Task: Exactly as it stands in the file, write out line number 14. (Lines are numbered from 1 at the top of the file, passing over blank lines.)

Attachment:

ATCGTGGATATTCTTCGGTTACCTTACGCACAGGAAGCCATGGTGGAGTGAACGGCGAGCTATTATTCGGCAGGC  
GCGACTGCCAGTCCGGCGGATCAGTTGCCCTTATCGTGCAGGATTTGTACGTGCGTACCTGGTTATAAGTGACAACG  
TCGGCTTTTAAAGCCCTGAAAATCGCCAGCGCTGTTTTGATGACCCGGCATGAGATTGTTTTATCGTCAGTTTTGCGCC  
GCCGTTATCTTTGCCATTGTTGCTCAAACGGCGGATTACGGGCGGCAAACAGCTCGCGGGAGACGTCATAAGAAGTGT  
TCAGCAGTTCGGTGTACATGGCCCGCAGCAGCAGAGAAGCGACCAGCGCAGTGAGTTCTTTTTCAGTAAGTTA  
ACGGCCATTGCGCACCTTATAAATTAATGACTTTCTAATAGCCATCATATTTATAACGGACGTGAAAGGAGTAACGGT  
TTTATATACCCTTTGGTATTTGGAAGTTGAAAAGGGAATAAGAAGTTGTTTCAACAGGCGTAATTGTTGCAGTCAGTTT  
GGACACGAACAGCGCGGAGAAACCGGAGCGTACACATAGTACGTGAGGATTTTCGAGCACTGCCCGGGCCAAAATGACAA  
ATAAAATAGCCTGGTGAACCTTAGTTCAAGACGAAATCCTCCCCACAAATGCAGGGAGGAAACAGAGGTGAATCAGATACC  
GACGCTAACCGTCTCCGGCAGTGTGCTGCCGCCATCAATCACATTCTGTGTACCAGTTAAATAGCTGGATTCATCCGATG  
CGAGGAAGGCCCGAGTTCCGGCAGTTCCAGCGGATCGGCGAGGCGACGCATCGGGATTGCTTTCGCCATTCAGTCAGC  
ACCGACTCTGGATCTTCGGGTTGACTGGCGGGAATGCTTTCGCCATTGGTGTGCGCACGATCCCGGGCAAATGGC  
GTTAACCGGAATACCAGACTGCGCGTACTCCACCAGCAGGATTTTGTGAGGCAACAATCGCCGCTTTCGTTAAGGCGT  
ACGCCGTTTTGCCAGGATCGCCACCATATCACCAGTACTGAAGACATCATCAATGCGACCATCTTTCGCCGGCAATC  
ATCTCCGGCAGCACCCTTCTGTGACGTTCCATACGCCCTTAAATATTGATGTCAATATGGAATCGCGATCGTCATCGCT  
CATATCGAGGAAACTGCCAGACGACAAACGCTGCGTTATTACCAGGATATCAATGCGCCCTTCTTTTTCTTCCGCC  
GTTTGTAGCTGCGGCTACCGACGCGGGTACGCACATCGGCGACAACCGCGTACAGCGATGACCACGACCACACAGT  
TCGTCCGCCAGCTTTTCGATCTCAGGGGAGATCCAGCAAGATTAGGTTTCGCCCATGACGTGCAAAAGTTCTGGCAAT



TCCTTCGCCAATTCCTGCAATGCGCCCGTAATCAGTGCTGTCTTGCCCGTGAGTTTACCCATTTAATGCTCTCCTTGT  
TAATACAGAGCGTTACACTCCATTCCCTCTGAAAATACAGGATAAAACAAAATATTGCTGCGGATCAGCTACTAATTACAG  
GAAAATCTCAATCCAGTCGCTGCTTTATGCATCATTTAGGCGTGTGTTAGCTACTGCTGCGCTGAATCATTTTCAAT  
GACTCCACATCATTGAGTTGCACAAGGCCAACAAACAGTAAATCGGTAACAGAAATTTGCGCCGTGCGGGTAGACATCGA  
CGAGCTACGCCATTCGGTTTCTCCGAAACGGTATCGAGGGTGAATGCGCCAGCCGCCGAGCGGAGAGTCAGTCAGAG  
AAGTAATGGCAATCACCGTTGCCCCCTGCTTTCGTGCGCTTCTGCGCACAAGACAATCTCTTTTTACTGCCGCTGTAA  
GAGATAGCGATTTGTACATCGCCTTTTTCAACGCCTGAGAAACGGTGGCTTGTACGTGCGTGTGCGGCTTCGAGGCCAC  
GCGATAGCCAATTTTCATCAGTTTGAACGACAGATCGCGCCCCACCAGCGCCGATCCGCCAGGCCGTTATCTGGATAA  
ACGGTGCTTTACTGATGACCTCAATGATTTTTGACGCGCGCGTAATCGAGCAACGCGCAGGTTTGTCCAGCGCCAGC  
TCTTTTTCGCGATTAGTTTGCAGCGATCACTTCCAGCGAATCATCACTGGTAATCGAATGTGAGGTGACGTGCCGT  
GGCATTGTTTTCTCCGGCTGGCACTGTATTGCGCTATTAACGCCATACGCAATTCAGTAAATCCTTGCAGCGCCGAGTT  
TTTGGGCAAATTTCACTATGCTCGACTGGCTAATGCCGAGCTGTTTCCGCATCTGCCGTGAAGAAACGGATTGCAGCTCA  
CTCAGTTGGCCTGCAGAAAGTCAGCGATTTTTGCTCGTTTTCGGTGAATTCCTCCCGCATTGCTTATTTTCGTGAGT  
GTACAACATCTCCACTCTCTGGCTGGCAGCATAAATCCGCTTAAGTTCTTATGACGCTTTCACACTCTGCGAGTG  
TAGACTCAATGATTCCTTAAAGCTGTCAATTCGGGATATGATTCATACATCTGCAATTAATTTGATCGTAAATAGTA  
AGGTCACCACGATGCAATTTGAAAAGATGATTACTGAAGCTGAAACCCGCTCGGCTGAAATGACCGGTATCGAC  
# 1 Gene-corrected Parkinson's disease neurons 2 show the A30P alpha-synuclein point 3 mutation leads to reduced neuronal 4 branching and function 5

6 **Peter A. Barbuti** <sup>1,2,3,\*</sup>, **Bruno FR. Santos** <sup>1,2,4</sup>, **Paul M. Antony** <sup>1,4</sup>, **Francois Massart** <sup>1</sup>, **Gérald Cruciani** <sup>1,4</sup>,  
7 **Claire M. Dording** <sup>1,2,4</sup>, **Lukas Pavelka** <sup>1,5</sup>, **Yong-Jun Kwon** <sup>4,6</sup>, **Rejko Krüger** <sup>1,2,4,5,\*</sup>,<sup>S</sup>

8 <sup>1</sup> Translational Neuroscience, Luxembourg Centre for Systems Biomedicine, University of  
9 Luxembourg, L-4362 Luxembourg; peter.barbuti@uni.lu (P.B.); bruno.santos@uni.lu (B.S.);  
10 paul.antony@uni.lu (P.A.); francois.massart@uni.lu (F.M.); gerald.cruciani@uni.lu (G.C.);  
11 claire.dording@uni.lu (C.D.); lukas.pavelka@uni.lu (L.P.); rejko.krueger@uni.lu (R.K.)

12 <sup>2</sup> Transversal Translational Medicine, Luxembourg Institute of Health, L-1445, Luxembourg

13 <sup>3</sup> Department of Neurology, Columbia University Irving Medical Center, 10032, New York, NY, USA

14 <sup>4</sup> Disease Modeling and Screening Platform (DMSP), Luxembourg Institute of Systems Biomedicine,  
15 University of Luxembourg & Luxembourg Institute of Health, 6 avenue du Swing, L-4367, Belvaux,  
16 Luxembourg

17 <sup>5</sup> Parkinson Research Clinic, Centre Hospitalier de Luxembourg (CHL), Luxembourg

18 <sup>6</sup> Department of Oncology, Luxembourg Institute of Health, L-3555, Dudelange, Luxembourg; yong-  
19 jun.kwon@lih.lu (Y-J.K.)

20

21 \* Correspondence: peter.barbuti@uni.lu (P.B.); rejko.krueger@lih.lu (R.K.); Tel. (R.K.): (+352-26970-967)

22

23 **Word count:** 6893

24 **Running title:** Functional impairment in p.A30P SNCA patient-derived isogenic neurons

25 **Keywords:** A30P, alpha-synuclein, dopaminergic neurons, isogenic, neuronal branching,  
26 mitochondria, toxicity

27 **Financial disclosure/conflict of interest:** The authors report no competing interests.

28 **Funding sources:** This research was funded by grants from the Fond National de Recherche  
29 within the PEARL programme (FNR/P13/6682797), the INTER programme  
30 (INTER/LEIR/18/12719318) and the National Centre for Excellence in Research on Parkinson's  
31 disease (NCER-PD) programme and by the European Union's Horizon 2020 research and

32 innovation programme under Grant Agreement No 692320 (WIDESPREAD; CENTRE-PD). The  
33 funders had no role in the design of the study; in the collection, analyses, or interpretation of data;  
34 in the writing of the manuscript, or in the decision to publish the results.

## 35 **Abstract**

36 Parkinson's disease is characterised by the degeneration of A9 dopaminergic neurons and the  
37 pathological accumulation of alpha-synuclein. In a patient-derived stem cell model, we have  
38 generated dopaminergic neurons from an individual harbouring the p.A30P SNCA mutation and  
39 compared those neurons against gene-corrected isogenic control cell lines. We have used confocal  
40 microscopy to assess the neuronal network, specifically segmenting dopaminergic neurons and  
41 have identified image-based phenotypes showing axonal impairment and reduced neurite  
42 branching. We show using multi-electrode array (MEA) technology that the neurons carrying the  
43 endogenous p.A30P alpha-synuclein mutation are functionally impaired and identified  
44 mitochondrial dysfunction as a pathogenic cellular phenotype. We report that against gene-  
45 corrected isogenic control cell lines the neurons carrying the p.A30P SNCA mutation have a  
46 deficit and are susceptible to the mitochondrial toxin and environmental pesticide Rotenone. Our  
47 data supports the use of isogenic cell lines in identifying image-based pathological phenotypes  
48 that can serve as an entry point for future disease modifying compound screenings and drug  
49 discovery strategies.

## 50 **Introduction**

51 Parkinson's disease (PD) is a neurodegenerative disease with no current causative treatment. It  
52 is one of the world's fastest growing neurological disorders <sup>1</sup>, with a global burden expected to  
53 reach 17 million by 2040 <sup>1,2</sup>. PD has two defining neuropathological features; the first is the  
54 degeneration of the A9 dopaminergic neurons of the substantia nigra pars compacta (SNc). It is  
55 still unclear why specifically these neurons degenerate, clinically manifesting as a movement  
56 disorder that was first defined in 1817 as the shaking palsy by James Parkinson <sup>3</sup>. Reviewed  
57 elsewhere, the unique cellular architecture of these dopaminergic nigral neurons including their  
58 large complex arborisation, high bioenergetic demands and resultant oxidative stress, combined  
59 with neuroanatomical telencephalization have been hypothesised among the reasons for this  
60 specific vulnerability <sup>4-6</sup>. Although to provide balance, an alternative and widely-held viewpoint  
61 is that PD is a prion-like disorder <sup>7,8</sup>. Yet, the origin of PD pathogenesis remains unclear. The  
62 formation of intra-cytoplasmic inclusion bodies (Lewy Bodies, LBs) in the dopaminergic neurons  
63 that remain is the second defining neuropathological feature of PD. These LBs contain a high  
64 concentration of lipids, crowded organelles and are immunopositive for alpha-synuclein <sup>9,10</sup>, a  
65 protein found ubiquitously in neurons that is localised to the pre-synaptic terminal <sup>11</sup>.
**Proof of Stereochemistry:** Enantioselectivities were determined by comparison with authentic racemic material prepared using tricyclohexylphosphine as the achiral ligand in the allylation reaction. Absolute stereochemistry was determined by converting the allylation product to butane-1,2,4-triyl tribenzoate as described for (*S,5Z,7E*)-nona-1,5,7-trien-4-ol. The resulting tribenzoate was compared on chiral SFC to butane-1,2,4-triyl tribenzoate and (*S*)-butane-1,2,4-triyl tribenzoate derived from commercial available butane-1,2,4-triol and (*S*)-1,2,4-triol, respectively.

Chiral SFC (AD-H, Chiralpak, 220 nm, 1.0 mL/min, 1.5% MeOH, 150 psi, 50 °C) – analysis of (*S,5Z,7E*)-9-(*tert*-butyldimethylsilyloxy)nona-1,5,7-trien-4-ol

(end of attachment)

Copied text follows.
ACGCCGTTTTGCCAGGATCGCCACCATATCACCAGTACTGAAGACATCATCAATGCGACCATCTTTCGCCGGCAATC  